Oklahoma lawmakers have filed dozens of bills this year to expand access to health care and social services and improve child welfare policies after enacting one of the strictest abortion bans in the country.

Legislators, experts and advocates have been pushing for improvements in Oklahoma’s poor outcomes for kids and families for several years, said Gabrielle Jacobi, a policy analyst with the left-leaning Oklahoma Policy Institute. But the state’s Republican-controlled Legislature has not historically approved or funded many of these policies. Lawmakers say they expect that to change, though, now that all abortions are banned in the state. 

The Dobbs V. Jackson Women’s Health Organization U.S. Supreme Court ruling last year, which allowed states to once again outlaw abortion, has motivated state lawmakers to take a closer look at support services for families, said Rep. Mark Lawson, R-Sapulpa, who chairs the House appropriations subcommittee on human services.

“Once children are born, are we doing the absolute best we can do by children and their families?” Lawson said. 

Many of the bills pull directly from recommendations from Gov. Kevin Stitt’s HELP Task Force. Stitt created the task force to study how to support women through unplanned pregnancies after he signed Oklahoma’s near-total ban on abortion in 2022. He also created a child welfare task force to study how to improve the state’s foster care system and provide additional support to families.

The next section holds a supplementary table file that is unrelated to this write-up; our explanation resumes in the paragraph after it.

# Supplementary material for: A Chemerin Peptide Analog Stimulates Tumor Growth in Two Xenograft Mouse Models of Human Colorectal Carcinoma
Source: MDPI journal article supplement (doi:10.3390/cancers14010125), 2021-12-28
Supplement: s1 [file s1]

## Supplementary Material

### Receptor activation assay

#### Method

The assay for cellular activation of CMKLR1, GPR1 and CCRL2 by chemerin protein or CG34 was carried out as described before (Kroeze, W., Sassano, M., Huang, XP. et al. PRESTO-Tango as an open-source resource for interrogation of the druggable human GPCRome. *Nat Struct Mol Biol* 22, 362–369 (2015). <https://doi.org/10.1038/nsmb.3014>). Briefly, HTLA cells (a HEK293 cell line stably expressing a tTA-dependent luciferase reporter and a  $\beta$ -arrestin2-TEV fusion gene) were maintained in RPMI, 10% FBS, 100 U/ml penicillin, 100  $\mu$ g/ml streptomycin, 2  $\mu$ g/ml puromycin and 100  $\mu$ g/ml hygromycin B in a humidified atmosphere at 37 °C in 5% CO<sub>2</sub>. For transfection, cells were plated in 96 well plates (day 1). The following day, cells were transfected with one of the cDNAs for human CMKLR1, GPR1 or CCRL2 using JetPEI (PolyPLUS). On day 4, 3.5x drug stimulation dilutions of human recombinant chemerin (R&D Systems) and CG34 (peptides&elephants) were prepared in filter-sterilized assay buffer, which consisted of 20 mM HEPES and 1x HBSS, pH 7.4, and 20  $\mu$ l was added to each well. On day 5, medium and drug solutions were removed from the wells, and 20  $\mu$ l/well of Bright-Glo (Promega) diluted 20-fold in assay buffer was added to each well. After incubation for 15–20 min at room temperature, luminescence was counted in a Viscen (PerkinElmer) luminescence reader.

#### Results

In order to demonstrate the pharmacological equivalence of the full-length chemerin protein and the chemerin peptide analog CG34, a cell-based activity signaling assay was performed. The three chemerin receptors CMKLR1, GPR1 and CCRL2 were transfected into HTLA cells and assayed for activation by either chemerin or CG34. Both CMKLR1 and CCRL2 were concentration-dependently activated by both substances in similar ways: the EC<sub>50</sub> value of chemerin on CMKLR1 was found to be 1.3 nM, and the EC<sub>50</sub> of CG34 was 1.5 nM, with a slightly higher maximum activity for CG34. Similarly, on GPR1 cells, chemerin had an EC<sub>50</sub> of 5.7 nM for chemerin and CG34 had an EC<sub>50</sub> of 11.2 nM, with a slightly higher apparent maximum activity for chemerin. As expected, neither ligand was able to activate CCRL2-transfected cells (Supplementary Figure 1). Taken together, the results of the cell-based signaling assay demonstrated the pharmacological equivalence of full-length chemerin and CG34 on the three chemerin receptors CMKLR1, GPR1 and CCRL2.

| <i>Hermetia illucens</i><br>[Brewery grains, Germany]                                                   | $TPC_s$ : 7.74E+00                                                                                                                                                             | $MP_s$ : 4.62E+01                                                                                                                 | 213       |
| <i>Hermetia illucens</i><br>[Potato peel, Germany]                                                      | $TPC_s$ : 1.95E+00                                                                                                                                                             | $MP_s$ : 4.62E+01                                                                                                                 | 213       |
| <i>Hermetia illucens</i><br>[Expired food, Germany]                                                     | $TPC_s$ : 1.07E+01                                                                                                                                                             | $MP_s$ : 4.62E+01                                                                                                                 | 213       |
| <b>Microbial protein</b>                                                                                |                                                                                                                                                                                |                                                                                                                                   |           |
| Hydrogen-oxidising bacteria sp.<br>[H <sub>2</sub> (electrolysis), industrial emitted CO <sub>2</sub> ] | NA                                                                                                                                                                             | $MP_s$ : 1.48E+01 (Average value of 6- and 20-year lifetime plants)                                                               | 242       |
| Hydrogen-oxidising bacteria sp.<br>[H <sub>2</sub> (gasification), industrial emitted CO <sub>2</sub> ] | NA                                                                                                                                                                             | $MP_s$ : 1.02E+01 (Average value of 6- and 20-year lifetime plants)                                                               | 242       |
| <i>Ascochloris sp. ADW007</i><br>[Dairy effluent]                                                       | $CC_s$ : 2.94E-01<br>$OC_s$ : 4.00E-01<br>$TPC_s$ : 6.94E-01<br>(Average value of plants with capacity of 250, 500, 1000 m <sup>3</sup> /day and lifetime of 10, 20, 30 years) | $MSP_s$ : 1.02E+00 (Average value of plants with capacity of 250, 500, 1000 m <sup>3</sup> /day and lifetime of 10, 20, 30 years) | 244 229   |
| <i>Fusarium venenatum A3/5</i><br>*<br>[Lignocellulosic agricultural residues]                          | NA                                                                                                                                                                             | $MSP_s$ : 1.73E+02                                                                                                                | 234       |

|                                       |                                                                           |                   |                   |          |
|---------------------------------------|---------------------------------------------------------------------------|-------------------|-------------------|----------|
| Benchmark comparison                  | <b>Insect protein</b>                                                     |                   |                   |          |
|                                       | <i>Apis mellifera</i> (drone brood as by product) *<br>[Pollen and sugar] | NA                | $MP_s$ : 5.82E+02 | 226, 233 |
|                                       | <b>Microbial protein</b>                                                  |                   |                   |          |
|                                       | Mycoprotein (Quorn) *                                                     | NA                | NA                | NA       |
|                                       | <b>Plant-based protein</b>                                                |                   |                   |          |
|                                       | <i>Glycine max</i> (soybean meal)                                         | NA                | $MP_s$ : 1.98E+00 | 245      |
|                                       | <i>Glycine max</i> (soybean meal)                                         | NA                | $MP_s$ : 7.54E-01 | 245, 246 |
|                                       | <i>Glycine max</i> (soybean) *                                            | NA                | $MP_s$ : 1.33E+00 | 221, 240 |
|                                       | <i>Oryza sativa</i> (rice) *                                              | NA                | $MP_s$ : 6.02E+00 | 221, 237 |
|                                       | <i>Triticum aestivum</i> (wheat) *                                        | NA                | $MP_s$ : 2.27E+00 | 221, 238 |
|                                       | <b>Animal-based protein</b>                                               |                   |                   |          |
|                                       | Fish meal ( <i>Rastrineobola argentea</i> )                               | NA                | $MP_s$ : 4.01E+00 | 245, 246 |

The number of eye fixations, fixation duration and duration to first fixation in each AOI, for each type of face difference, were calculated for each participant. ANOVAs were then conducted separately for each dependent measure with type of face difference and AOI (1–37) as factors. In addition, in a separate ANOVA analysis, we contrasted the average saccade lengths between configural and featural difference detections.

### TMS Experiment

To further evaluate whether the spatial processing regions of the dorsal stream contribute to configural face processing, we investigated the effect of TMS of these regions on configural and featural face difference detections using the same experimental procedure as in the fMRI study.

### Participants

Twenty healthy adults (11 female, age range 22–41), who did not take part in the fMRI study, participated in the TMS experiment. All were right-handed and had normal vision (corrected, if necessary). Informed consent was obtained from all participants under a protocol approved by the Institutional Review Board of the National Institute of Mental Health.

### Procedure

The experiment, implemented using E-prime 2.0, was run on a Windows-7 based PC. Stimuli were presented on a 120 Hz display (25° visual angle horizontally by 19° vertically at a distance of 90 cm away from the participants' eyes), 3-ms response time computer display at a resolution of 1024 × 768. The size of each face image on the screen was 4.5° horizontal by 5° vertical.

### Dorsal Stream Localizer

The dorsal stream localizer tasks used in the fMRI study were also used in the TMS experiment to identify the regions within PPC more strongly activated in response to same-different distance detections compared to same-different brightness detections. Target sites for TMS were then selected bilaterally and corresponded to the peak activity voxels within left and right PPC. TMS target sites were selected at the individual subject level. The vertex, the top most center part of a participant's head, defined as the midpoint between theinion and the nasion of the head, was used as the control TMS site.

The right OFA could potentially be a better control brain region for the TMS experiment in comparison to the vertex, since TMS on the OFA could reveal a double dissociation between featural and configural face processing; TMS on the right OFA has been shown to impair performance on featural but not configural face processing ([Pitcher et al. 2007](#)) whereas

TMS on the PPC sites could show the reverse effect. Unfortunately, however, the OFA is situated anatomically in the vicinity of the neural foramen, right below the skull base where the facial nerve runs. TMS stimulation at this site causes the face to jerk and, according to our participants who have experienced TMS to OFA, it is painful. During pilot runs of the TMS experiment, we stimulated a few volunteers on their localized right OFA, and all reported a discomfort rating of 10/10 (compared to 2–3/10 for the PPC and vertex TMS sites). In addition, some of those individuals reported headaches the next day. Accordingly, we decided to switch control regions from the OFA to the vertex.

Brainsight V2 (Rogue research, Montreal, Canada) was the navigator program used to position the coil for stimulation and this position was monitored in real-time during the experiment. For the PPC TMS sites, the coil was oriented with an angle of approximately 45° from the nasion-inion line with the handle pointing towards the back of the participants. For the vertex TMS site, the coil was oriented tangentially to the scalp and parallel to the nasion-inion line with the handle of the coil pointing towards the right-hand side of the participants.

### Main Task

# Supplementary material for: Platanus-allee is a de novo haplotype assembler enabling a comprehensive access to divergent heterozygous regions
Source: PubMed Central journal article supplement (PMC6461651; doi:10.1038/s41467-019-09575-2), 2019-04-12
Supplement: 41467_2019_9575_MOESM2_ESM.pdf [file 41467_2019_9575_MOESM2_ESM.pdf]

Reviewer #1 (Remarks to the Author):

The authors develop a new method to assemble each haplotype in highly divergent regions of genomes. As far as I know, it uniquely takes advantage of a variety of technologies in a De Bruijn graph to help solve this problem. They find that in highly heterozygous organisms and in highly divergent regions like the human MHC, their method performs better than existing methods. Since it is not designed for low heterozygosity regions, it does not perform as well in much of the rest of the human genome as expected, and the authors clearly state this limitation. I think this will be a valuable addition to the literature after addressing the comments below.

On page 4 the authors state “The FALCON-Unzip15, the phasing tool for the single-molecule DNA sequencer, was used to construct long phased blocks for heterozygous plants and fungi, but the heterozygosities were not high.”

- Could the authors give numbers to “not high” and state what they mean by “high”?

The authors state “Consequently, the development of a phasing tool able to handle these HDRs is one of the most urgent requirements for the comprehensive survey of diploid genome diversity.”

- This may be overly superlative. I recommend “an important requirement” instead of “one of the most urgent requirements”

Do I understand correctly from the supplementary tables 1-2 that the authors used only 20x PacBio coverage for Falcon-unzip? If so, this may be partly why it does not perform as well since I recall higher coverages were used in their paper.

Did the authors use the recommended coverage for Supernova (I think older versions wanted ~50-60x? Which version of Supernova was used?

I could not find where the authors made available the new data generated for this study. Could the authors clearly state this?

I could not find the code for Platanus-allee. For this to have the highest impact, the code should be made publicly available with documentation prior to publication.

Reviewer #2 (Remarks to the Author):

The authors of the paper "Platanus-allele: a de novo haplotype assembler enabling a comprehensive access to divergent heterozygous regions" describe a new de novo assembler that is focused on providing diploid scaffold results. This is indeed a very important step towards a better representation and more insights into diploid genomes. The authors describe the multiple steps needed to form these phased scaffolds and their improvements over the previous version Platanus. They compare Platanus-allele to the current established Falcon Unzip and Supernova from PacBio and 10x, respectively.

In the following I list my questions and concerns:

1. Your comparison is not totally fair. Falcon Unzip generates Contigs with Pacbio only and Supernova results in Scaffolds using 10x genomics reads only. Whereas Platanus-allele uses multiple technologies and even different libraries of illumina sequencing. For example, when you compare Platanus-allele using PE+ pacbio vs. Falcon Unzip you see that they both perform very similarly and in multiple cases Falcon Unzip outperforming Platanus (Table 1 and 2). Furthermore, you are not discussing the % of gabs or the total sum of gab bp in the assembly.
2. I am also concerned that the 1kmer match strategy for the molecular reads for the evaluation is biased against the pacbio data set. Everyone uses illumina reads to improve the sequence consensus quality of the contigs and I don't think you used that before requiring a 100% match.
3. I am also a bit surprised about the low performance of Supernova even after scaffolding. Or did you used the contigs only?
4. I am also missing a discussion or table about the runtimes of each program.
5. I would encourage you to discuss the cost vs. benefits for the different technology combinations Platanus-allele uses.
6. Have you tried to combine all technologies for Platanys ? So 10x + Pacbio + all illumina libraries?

Several bills would expand access to the federally funded cash assistance program TANF in various ways. House Speaker Charles McCall, R-Atoka, filed a bill that would allow TANF applicants to still participate in the program after failing a drug test by adding substance use treatment and mental health counseling to program work requirements. 

In a letter to the task force, the Oklahoma Department of Human Services said it was missing opportunities to connect Oklahomans to services that help stabilize families by automatically denying benefits because of a failed drug test. 

Another bill would get rid of a rule that prevents families with a car valued more than $5,000 from receiving TANF and instead allow one car per household.

Other bills propose expanding access to maternal health care for Medicaid recipients by raising provider rates.

Oklahoma had the 10th-highest rate of poverty in the U.S. in 2021, and one in five Oklahoma children lived in poverty, according to U.S. Census Bureau data. In fiscal year 2021, kids that left Oklahoma’s foster care system through adoption had spent an average 30 months in state custody, according to state data The Frontier previously reported. 

More than half Oklahoma’s 77 counties are classified as maternity care deserts, the March of Dimes reports. Black women in the state are more likely to die from complications during or shortly after childbirth or face life-threatening complications. 

Corrina Jackson is the program and project manager for Tulsa’s Community Service Council Healthy Start program. Her staff connect pregnant women to prenatal and postpartum care.